A Wheaton professor helps us sort out a difficult social issue.
African American assistant professor of New Testament at Wheaton College, and a priest in the Anglican Church of North America, Esau McCaulley, in his Reading While Black: African American Biblical Interpretation As An Example in Hope, first speaks to African Americans who might be under the influence of white and black progressives, who state that Christianity is a “white” religion.
He addresses this first audience by showing that Christianity is not just a “white” religion, but a universal religion and that people of all colors are included in God’s promise to bless all nations in Abraham.
McCaulley also shows Biblically that Africans were some of the earliest converts to the faith. Progressives often argue correctly that white slave owners used selective verses of Scripture to keep their chattel in line as well as to justify their often harsh “discipline” of their slaves. But McCaulley shows that the Great Awakening had surreptitiously penetrated slave populations with its preaching, which opened up all of Scripture to them, including the story of freedom from Egypt’s slavery and Jesus’s atonement for all people. The miracle is that despite white owner’s misuse and abuse of Scripture for economic gain, a black church based on the whole of Scripture emerged and grew.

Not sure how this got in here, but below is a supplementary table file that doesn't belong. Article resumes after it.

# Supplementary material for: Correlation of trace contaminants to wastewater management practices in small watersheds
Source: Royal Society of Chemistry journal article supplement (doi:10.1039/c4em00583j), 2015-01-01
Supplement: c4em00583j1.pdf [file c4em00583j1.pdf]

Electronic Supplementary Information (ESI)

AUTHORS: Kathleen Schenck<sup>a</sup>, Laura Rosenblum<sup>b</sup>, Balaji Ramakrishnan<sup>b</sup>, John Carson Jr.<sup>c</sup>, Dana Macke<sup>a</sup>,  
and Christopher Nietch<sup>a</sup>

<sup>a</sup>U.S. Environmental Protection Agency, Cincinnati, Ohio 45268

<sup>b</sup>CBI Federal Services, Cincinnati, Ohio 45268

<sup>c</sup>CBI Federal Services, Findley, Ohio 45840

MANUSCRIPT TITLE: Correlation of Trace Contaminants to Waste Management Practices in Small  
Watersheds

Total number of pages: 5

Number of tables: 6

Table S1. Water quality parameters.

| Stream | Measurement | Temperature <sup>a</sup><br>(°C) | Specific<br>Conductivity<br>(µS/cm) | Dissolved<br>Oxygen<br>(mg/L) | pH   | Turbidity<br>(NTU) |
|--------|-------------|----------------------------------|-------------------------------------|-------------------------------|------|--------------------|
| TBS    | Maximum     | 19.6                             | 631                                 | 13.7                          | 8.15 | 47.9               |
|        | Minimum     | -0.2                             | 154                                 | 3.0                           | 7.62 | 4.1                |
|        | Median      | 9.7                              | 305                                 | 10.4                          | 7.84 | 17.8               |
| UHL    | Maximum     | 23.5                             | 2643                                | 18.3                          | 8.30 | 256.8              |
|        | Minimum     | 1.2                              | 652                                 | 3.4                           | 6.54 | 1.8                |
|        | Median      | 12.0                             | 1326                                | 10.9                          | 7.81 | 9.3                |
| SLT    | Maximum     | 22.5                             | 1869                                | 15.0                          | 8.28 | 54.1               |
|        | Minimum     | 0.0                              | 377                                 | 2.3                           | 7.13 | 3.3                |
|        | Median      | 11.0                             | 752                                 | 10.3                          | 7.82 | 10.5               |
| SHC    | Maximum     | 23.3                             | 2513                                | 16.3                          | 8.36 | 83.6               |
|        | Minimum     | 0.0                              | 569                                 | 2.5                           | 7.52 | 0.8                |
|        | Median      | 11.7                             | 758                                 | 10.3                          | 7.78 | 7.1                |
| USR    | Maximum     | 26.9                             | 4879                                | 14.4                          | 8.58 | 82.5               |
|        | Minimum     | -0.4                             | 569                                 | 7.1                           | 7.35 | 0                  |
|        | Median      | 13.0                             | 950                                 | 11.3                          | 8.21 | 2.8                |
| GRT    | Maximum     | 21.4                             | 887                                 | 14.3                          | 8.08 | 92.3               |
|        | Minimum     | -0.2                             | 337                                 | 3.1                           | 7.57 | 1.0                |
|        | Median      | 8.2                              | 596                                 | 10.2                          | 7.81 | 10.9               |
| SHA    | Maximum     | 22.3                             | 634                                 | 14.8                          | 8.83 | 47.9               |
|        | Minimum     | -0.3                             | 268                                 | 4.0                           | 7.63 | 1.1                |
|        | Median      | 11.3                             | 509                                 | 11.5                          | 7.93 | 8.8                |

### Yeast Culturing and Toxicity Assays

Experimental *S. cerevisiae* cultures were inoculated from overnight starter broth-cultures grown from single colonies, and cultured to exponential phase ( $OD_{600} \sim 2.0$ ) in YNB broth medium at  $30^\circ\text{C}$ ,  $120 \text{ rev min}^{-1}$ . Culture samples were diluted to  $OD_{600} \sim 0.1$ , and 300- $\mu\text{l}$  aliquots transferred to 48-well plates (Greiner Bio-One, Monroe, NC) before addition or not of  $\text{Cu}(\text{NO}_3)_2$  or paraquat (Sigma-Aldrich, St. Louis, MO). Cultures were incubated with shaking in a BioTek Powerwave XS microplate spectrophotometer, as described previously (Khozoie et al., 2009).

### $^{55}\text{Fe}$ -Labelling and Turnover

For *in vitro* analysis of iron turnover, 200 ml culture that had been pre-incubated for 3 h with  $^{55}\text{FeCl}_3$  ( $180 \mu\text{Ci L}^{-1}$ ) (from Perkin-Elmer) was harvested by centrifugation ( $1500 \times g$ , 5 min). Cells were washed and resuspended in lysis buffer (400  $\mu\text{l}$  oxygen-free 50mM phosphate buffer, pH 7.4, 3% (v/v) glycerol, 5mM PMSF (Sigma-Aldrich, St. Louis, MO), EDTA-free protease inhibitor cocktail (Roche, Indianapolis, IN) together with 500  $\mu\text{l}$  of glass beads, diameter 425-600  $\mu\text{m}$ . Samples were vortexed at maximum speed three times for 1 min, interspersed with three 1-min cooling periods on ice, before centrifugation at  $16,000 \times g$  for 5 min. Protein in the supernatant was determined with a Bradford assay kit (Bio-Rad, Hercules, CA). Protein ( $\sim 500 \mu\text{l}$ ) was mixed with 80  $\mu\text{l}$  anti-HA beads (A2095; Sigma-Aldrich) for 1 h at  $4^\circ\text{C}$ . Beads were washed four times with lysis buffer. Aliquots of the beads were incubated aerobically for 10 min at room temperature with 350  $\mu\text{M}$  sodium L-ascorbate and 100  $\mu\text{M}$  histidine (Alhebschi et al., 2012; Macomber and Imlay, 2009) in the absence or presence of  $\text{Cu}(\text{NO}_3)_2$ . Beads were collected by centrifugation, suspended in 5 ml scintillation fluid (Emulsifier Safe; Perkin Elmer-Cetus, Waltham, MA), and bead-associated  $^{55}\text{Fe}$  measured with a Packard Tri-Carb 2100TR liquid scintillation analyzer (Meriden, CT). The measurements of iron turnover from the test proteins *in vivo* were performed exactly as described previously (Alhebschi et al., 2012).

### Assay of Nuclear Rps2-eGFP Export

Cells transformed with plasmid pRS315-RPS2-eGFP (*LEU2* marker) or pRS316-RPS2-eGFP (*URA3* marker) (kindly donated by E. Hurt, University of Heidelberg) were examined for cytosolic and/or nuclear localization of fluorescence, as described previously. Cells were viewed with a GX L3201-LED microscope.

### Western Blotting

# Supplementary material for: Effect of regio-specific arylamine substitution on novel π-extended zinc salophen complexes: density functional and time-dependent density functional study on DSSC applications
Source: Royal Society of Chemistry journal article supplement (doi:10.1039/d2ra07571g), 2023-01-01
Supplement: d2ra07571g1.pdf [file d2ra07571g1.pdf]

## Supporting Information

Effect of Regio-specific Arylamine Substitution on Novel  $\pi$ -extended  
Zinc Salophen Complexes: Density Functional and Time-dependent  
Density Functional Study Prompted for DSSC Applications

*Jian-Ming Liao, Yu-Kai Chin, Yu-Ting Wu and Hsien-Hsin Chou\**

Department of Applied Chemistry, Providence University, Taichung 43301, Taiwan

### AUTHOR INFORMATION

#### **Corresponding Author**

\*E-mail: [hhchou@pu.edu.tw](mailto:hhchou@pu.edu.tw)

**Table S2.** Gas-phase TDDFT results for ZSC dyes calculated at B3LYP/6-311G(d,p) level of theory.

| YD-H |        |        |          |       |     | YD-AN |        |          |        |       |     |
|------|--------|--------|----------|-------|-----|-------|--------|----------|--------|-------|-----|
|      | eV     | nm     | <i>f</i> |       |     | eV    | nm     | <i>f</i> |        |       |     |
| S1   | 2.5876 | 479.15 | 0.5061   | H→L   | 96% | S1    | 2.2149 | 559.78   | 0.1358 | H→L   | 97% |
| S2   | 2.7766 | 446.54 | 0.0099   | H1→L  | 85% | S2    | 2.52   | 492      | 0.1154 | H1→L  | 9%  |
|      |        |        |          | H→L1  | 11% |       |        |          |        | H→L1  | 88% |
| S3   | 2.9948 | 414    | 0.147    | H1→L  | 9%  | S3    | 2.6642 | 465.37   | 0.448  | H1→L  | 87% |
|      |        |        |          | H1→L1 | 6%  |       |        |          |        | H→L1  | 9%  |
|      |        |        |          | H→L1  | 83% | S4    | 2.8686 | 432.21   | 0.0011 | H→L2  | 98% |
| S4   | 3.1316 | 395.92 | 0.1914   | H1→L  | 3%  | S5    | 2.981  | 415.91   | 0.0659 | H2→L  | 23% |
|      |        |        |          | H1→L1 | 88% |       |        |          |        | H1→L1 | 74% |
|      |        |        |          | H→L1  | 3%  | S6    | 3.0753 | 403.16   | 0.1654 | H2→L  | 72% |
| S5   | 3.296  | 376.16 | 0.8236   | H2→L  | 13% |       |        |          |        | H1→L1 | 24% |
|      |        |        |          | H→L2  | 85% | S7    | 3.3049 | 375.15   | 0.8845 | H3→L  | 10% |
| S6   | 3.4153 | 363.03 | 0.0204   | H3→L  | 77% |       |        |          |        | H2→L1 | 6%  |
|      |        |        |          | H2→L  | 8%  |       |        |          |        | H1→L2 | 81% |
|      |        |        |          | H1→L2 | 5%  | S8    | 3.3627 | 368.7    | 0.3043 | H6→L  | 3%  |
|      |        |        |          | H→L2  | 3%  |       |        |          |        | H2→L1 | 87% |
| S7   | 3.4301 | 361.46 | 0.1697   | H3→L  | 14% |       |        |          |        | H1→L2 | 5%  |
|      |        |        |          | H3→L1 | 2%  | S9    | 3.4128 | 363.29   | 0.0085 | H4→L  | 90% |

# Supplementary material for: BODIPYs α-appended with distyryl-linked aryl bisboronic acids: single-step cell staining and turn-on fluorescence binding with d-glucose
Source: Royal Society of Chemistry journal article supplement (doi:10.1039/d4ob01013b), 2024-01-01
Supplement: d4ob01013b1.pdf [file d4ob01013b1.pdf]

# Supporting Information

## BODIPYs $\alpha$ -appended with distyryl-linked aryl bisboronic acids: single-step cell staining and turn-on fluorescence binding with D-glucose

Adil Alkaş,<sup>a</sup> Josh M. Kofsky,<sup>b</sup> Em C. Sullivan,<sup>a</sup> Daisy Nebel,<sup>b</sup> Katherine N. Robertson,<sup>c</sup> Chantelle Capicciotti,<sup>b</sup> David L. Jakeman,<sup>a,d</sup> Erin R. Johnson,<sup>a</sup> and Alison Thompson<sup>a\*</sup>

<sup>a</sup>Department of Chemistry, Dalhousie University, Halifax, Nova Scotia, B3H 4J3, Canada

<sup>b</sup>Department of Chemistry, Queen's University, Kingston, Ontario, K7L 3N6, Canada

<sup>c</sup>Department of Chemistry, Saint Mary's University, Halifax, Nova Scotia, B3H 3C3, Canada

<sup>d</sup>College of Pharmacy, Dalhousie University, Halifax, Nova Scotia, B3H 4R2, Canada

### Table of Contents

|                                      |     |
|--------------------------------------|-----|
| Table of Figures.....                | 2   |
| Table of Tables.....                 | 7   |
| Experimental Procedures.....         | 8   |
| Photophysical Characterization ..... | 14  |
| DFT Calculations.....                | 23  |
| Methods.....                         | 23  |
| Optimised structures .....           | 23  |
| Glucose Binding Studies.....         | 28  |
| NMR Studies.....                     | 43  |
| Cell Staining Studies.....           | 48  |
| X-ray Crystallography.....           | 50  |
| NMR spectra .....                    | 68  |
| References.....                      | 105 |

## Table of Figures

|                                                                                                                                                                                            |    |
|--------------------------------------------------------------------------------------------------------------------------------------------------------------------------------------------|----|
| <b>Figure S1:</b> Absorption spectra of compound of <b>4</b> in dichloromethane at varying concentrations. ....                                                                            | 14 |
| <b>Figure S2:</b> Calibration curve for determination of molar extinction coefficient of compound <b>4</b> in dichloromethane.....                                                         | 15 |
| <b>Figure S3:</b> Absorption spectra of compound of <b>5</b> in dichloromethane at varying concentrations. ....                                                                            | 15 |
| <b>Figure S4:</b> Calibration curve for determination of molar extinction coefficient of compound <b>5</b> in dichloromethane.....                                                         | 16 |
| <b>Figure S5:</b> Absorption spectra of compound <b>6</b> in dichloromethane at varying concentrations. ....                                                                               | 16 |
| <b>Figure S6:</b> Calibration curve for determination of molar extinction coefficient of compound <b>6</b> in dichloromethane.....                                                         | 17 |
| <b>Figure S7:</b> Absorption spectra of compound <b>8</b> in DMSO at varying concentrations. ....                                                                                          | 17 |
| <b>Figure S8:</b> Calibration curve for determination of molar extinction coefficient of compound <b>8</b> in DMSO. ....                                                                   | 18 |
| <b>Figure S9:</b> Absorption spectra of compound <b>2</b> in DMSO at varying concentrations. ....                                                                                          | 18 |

McCaulley also addresses white evangelicals who consider the black church as being naïve and theologically unsophisticated, by revealing a long history of solid expository preaching from black pulpits. He also addresses misunderstandings of white Christian’s concerning black rage, but does it from a Biblical perspective, without exonerating violence.
McCaulley’s own tense encounters as a black male with the police introduces an excellent treatment of Romans 13:1-4 in which he employs Romans 9:17 and other Scriptures to put this text within a proper context. He shows that Romans 13 does not promote our being subservient to an authority that promotes injustice.
Esau McCaulley clearly and effectively addresses both whites and blacks about our Christian hope in careful, personal and readable expositions, in seven chapters under the three great themes of Scripture: Creation, Redemption and New Creation. This is a book that all who are Christian—black and white—should read.